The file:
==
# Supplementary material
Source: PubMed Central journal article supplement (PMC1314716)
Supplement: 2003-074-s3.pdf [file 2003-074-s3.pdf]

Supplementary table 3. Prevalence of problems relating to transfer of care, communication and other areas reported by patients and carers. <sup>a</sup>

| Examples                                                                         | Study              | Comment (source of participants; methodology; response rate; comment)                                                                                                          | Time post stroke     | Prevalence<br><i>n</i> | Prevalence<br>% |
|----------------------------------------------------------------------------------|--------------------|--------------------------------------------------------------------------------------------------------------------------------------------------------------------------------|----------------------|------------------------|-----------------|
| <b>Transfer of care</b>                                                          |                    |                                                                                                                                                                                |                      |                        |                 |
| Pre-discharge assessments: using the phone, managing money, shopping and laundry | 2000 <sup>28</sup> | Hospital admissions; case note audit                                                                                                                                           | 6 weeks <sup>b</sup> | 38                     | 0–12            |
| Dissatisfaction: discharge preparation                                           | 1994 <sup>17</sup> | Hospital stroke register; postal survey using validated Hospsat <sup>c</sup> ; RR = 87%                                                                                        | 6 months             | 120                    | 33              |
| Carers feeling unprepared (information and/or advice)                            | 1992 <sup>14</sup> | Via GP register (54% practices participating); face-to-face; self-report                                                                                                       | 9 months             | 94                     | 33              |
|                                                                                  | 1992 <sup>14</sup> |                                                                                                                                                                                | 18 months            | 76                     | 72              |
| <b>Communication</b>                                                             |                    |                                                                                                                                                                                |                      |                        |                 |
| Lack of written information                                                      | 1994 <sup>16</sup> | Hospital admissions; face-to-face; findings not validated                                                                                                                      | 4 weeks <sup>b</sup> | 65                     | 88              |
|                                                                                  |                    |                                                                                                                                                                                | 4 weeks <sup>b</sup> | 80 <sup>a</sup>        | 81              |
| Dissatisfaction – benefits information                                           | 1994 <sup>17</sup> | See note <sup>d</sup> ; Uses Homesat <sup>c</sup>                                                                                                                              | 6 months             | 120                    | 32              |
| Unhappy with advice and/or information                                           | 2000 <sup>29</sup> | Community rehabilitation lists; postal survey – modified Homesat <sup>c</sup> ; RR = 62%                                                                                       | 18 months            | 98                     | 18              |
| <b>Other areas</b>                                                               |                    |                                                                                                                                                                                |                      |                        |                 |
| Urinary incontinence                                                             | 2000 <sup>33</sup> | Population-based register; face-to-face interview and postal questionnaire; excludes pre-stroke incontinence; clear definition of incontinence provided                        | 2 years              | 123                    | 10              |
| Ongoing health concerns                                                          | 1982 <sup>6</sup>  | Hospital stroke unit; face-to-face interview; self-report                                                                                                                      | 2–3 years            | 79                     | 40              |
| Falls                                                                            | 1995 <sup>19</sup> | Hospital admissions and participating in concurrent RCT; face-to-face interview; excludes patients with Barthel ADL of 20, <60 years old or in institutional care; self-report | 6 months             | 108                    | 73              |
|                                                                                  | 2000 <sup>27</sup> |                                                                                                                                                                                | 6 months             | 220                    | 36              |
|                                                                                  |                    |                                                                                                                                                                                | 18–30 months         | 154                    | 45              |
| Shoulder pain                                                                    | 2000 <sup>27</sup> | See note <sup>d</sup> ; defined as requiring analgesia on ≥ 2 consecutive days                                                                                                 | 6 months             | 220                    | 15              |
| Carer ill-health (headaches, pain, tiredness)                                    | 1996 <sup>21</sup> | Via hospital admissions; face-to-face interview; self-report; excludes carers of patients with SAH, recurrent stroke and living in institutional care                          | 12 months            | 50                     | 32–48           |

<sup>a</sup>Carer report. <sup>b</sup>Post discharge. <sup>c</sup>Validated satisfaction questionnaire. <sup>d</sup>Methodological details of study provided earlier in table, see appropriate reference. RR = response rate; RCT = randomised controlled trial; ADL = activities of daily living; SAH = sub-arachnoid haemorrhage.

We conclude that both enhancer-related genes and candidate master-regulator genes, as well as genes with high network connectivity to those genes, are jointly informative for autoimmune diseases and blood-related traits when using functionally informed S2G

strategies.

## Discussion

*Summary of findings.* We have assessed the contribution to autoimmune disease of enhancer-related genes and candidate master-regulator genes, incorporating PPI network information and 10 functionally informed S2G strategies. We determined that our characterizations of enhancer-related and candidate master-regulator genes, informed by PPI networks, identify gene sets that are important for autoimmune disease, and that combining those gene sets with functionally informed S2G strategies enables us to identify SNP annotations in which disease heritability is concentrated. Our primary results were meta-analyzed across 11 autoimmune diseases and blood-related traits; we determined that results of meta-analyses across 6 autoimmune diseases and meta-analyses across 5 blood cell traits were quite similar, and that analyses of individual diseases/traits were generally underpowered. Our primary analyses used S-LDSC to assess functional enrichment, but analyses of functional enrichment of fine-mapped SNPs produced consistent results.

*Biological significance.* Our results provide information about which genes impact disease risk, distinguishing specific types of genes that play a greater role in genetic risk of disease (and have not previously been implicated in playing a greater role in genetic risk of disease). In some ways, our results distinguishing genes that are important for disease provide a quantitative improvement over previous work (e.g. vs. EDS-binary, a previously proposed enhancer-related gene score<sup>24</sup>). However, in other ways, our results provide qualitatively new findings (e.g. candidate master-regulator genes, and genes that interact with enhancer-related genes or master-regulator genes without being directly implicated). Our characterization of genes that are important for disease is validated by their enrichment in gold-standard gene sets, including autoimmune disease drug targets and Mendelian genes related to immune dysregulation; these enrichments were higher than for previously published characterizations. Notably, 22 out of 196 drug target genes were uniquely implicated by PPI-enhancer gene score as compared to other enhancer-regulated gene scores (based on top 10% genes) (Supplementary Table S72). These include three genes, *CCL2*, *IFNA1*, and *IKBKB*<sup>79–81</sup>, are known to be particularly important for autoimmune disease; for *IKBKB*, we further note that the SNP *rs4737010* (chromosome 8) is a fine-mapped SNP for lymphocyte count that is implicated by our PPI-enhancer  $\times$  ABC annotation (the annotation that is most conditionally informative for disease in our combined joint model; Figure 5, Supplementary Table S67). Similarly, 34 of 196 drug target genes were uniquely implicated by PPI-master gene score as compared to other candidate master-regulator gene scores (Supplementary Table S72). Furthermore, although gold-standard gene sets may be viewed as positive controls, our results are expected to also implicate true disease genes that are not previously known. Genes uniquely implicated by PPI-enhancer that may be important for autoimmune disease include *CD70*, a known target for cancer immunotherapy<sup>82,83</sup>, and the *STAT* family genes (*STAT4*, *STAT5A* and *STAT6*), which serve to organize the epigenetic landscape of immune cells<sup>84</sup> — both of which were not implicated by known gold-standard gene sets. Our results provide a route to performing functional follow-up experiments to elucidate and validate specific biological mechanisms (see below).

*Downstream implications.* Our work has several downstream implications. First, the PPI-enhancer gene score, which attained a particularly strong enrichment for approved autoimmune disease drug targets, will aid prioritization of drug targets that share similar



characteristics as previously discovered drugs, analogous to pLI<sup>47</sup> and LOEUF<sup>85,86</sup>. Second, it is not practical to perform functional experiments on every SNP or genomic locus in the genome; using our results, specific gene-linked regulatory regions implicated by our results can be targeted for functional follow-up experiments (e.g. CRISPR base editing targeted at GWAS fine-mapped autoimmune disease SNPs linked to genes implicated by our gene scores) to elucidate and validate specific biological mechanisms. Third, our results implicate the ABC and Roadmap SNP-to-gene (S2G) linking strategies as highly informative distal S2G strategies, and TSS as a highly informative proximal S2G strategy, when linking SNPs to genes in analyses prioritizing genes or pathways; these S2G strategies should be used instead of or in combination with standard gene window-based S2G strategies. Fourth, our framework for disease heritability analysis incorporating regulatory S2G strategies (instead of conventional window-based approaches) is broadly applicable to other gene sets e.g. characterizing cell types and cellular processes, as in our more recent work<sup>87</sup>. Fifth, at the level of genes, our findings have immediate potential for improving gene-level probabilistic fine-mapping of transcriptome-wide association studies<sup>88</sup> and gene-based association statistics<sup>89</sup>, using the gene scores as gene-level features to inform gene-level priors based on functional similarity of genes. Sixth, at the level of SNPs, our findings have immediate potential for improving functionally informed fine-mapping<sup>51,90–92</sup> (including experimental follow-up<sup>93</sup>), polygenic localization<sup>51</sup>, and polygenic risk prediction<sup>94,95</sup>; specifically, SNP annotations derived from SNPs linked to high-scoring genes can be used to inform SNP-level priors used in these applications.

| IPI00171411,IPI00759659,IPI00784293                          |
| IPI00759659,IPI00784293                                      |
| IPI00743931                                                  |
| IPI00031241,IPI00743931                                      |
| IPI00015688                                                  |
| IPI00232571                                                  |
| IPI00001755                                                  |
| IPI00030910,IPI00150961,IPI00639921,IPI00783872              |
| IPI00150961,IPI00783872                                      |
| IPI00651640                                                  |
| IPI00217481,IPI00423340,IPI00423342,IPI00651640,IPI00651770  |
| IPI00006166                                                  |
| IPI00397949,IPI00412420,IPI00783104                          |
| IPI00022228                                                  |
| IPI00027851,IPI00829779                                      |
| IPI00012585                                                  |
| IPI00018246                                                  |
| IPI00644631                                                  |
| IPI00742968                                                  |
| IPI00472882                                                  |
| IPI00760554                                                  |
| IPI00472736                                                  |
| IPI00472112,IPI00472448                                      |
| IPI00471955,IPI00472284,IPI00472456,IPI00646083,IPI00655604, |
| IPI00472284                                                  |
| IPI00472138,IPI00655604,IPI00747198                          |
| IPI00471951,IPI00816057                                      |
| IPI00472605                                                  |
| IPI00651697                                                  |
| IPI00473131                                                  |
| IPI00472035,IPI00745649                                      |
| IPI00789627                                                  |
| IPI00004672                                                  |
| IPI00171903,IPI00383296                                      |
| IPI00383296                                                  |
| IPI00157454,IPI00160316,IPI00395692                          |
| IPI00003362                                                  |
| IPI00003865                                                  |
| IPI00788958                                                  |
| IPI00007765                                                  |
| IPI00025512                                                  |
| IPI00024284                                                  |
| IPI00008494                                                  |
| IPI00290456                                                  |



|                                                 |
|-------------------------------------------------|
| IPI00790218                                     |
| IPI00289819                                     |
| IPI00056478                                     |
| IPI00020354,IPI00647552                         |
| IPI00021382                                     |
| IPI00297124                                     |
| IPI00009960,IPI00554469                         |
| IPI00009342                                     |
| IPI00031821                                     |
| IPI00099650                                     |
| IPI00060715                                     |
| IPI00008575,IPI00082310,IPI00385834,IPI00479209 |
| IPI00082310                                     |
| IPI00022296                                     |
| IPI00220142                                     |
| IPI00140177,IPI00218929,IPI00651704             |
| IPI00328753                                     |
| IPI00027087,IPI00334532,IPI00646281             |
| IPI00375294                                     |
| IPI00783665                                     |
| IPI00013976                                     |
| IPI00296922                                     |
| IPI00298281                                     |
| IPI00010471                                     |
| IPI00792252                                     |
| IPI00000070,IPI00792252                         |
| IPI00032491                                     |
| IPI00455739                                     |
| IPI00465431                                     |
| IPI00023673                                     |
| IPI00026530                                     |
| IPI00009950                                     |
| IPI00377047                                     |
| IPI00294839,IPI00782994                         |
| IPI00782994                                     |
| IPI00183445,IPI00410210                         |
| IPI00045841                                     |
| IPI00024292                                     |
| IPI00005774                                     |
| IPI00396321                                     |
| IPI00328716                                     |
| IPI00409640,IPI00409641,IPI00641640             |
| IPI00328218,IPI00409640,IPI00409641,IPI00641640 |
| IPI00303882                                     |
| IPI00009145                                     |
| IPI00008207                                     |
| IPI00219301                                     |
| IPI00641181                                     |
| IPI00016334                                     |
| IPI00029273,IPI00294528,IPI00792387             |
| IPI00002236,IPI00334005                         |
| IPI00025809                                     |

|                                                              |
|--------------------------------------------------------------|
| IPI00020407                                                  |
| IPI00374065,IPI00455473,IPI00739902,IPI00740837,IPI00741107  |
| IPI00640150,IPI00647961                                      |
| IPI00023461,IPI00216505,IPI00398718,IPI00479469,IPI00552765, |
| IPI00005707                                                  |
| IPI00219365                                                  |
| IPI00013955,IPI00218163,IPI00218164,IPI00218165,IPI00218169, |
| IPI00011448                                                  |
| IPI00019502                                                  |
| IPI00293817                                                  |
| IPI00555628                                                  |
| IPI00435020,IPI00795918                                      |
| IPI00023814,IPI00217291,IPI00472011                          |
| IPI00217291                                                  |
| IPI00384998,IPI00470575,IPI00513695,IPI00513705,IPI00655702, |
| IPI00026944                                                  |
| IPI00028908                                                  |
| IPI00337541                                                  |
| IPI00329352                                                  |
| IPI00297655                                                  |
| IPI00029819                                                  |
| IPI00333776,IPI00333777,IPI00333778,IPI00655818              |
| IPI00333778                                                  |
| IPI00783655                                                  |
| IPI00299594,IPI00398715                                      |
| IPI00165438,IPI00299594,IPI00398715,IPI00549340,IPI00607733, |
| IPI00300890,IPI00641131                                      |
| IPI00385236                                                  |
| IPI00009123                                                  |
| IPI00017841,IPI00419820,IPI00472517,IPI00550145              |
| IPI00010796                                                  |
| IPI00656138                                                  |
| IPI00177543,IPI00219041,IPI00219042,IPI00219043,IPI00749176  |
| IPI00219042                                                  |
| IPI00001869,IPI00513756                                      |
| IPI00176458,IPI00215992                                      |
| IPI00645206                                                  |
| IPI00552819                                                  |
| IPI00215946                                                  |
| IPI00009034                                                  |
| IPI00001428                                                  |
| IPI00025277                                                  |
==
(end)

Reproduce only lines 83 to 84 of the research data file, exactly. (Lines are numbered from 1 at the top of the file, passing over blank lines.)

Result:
| IPI00021382                                     |
| IPI00297124                                     |